I Hate to Leave this Beautiful Place/Howard Norman: Reflections

Sunday, August 11, 2013

Today I went to a garden searching for an image worthy of Howard Norman's new memoir, I Hate to Leave this Beautiful Place.

There was this, above, a suggestion of the many vivid parts that constitute this surprising memoir's whole—Norman's summer as a fifteen-year-old employee of the local bookmobile (not to mention lover-in-training, thanks to his brother's girlfriend, Paris, and amateur outsdoorsman, with terrible unintended consequences, and son of a mostly missing father), Norman as a young man trying to find his way in a cold and bitter Canadian city (to pay off an auction debt, to be worthy of a woman he might have loved, to keep company with an older, regretful man), Norman among the Intuits (their folklore, their landscapes, their whale-spume horizons, their birds), Norman in Vermont (it was the summer of Ken Burns' Civil War documentary; it was the summer of wells and hallucinations and fevers), and Norman as the man who tries to reclaim the home that he lent to a poetess and her young son—the home in which she committed a ghastly and famous murder-suicide.

So the parts. The vivid parts of Beautiful Place.

But also the alighted nature of the memoir's structure, the intricate workings among and between things. The time shifts, the slight but never precious self-effacements, the humor within the melancholy within the humor, and his overt address to each. The way art—Norman's art—comes into this, but only slightly and only sometimes. Beautiful Place is not a "how I became a writer" memoir—not in the least. It's a book of true, landscape-framed stories—five chapters circling five discoveries in five eras of Norman's life. Norman twice recalls the Robert Frost line about the best way out being through. He shows himself circling, regretting, freezing, succumbing, lying, and being a better man. He shows himself in the company of birds, and in the company of dying things, and in the light of the moon by the shore.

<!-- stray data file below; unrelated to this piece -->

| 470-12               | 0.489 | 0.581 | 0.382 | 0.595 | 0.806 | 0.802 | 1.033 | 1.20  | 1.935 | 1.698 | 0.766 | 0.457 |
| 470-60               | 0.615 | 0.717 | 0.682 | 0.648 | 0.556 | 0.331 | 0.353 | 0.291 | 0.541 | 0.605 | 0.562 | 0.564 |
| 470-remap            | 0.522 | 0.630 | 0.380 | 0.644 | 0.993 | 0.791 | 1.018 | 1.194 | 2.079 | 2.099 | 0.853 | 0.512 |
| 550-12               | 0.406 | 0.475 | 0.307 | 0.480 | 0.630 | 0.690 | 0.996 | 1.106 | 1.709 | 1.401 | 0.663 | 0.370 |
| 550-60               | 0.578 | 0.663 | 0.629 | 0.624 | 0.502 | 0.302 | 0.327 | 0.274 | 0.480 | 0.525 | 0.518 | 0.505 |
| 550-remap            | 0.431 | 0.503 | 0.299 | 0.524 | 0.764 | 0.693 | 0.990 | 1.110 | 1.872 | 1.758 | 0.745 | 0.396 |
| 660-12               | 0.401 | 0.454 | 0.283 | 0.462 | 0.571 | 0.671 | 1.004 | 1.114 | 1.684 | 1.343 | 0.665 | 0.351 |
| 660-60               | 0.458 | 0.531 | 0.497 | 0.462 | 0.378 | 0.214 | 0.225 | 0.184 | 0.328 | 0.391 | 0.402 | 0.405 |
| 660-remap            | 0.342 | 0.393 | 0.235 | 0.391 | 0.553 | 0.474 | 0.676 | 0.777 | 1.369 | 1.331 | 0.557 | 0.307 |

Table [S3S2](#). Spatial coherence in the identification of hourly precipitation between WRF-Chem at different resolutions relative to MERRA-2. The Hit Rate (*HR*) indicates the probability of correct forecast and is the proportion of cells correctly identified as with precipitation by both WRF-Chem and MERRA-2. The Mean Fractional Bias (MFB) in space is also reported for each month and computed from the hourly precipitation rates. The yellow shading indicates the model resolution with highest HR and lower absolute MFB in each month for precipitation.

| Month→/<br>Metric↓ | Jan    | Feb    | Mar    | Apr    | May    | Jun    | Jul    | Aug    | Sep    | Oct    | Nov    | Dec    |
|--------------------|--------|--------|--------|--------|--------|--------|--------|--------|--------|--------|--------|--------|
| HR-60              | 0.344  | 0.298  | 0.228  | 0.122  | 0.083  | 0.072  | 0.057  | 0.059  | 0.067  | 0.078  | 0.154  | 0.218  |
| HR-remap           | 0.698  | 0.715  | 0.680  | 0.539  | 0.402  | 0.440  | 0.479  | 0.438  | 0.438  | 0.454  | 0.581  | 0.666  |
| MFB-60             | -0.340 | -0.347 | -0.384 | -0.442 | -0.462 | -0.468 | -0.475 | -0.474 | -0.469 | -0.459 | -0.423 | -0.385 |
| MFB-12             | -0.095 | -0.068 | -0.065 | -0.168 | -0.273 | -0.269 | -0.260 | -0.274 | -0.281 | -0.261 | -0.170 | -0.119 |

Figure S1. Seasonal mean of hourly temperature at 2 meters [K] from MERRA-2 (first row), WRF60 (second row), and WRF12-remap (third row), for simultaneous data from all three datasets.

It's gorgeous writing, every sentence calm and clear and (again) vivid: "The novels I was reading at the time deftly orchestrated implausibilities along a clear narrative line, but I could not locate such a line in my own life." "As he dusted each globe with a moistened cloth and inspected it for hairline cracks, Michael also turned it upside down and them right side up so that the fabricated snowflakes inside fell like confetti on interior tableau." "In 1990, the second full summer in our 1850s farmhouse in Vermont, everything I loved most happened most every day, with exceptions."

I read many books that I love and many I want to share, and then there are those books that I read and think: This is a book that I must teach.

I will teach Howard Norman to my students at Penn next spring.


patti.mallett_pp said...

Lucky, lucky students!!

Your photos are magnificent.

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